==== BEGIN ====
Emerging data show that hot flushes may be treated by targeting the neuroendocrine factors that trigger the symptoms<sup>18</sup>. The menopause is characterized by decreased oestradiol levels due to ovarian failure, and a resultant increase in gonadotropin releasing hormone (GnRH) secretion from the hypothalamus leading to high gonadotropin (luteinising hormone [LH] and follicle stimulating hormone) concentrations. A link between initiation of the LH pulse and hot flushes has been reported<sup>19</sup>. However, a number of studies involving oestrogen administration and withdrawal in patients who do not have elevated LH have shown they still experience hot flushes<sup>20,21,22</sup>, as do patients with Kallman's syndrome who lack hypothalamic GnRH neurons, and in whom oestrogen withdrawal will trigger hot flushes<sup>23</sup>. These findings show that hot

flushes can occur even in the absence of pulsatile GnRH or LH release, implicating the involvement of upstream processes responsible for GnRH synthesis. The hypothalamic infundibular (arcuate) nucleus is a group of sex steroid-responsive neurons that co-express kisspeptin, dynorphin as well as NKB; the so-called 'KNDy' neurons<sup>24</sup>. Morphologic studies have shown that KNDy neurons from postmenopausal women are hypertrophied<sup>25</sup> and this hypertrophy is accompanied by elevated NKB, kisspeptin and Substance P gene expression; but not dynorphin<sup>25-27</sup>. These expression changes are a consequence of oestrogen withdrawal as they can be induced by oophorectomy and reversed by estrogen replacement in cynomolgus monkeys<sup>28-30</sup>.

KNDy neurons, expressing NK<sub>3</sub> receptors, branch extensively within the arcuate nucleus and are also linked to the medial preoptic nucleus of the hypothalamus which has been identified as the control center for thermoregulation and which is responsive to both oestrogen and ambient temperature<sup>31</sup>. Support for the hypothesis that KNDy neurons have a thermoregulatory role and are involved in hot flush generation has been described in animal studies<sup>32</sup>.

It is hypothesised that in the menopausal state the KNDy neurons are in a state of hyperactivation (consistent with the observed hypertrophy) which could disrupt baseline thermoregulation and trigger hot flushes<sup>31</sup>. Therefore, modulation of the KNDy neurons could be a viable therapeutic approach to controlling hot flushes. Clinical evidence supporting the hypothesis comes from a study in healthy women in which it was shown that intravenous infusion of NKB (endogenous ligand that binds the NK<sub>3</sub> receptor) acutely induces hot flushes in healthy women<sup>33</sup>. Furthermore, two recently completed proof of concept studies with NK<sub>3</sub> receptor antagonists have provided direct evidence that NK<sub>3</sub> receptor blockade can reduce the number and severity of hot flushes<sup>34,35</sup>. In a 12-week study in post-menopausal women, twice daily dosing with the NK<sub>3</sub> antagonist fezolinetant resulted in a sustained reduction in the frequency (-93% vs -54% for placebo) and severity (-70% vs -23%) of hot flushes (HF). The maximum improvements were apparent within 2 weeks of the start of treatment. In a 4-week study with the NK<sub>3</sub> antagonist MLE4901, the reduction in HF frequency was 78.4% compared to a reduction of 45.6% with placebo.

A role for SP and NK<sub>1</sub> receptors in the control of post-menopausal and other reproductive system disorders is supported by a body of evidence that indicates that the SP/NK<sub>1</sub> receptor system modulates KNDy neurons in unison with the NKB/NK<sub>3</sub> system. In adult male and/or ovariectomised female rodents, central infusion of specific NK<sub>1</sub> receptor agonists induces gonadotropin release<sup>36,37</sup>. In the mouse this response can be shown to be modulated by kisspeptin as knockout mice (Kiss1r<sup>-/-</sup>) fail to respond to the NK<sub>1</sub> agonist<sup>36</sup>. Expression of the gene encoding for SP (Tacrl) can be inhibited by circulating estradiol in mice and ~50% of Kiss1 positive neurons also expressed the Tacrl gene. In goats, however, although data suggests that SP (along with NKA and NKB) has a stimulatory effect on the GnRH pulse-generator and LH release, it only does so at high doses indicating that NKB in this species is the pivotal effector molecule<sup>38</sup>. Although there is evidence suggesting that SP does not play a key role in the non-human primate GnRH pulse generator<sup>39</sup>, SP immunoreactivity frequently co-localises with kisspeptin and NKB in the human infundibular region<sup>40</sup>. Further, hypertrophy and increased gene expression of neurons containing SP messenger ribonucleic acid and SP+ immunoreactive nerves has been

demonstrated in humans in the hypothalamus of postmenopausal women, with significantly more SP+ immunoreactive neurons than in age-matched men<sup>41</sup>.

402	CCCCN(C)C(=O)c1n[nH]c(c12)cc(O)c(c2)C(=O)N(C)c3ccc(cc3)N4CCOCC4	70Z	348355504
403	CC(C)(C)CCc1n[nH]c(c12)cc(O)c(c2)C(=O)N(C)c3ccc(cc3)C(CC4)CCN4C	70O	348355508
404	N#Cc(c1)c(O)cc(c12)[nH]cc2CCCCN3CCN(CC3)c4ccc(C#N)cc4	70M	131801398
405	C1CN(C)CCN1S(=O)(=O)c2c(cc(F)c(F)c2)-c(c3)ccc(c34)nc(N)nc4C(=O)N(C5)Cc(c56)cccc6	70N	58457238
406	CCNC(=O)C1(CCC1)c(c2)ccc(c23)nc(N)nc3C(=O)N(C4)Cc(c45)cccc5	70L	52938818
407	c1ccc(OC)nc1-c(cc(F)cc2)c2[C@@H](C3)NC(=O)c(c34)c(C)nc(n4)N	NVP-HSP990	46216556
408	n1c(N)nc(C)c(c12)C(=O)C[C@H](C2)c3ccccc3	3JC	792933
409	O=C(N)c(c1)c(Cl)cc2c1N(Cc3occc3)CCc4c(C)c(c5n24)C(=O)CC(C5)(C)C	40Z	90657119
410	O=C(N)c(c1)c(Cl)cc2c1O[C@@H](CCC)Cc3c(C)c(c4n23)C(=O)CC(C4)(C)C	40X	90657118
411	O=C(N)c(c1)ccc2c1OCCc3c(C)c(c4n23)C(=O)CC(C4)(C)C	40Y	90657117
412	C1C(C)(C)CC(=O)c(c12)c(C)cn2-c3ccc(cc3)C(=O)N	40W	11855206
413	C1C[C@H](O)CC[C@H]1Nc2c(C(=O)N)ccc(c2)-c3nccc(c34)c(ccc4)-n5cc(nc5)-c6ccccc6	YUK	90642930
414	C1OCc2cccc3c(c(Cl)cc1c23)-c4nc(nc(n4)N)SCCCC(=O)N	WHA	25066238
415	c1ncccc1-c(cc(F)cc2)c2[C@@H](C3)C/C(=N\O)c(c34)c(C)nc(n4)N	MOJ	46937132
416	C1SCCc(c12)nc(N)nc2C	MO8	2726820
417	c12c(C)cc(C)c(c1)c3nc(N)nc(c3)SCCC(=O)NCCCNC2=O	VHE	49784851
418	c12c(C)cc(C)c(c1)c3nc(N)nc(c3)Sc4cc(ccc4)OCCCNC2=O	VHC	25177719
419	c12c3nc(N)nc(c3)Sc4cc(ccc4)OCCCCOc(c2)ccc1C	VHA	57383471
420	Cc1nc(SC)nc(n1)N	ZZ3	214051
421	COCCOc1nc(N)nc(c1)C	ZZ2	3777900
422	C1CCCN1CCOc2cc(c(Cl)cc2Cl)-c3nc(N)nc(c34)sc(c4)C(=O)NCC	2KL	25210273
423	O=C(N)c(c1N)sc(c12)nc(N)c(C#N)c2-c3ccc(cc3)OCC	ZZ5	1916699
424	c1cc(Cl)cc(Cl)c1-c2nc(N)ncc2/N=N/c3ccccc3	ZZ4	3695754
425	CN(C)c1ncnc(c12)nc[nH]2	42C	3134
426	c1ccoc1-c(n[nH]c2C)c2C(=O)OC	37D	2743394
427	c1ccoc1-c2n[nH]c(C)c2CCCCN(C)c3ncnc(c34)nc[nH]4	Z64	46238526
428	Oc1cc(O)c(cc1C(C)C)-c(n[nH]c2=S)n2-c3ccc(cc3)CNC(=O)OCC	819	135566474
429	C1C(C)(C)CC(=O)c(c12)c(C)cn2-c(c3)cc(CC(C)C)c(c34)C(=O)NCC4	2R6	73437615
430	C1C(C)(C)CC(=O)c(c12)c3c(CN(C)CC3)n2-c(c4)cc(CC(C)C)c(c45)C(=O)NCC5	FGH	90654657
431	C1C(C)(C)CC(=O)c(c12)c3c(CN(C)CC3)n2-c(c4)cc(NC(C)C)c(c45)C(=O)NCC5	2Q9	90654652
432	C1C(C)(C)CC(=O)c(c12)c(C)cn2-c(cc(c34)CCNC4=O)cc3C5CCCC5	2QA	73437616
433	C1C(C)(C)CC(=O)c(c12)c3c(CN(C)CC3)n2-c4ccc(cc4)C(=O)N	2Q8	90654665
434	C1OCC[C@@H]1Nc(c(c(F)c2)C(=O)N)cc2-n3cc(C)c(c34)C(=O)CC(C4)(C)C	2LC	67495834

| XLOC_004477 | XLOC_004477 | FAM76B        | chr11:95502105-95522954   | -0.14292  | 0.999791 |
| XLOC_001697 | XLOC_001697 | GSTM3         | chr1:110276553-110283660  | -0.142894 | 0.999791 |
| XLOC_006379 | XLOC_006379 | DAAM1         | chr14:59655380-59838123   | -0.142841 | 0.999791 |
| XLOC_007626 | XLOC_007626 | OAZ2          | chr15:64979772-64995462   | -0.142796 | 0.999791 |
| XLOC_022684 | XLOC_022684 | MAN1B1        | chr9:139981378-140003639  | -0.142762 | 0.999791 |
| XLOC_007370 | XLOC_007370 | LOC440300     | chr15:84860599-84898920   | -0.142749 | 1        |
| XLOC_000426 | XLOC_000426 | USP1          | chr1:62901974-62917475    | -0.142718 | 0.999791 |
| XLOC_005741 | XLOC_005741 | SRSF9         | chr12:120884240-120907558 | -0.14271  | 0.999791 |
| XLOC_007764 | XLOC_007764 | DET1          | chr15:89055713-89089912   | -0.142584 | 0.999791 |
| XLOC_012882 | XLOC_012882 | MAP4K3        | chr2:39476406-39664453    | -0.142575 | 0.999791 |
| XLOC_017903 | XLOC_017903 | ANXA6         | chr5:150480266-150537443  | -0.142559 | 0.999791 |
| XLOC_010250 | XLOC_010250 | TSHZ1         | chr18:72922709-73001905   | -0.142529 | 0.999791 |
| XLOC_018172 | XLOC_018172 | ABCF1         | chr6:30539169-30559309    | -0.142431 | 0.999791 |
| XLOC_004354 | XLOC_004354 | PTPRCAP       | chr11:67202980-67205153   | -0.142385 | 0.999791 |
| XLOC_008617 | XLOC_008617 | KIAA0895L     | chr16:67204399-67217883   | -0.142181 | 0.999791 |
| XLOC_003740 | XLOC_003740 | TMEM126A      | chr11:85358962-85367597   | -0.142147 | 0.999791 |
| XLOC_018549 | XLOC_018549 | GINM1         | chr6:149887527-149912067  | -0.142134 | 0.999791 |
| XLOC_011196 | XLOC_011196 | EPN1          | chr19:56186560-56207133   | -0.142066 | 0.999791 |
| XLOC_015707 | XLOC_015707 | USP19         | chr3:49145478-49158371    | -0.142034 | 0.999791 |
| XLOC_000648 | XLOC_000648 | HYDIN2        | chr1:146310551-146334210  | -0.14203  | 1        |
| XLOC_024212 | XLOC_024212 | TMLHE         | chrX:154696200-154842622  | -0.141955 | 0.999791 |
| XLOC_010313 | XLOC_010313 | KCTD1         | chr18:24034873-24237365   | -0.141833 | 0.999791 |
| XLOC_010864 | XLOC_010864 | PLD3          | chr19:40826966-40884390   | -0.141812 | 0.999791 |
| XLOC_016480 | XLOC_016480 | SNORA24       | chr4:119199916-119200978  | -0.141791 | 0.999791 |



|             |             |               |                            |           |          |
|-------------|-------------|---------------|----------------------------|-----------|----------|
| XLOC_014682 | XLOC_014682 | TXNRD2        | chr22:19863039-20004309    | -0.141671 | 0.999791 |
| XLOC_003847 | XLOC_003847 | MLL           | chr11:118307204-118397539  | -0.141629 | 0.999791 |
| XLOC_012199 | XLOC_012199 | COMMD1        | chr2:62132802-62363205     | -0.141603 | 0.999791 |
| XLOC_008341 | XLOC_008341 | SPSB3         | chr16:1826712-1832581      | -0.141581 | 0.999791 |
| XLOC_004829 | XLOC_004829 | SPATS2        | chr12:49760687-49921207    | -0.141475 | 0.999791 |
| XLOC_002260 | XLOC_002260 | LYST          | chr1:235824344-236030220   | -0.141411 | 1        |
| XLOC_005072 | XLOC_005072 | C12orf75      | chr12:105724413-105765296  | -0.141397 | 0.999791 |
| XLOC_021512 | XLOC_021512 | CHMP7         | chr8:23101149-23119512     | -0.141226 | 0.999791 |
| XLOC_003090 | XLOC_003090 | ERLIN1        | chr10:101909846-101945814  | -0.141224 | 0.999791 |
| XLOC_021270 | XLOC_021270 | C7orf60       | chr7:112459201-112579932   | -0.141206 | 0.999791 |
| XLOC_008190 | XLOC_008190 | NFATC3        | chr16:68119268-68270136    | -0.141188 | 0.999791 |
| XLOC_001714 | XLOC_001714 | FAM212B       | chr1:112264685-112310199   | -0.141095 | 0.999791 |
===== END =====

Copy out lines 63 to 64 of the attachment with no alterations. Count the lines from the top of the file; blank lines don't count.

| XLOC_016480 | XLOC_016480 | SNORA24       | chr4:119199916-119200978  | -0.141791 | 0.999791 |



|             |             |               |                            |           |          |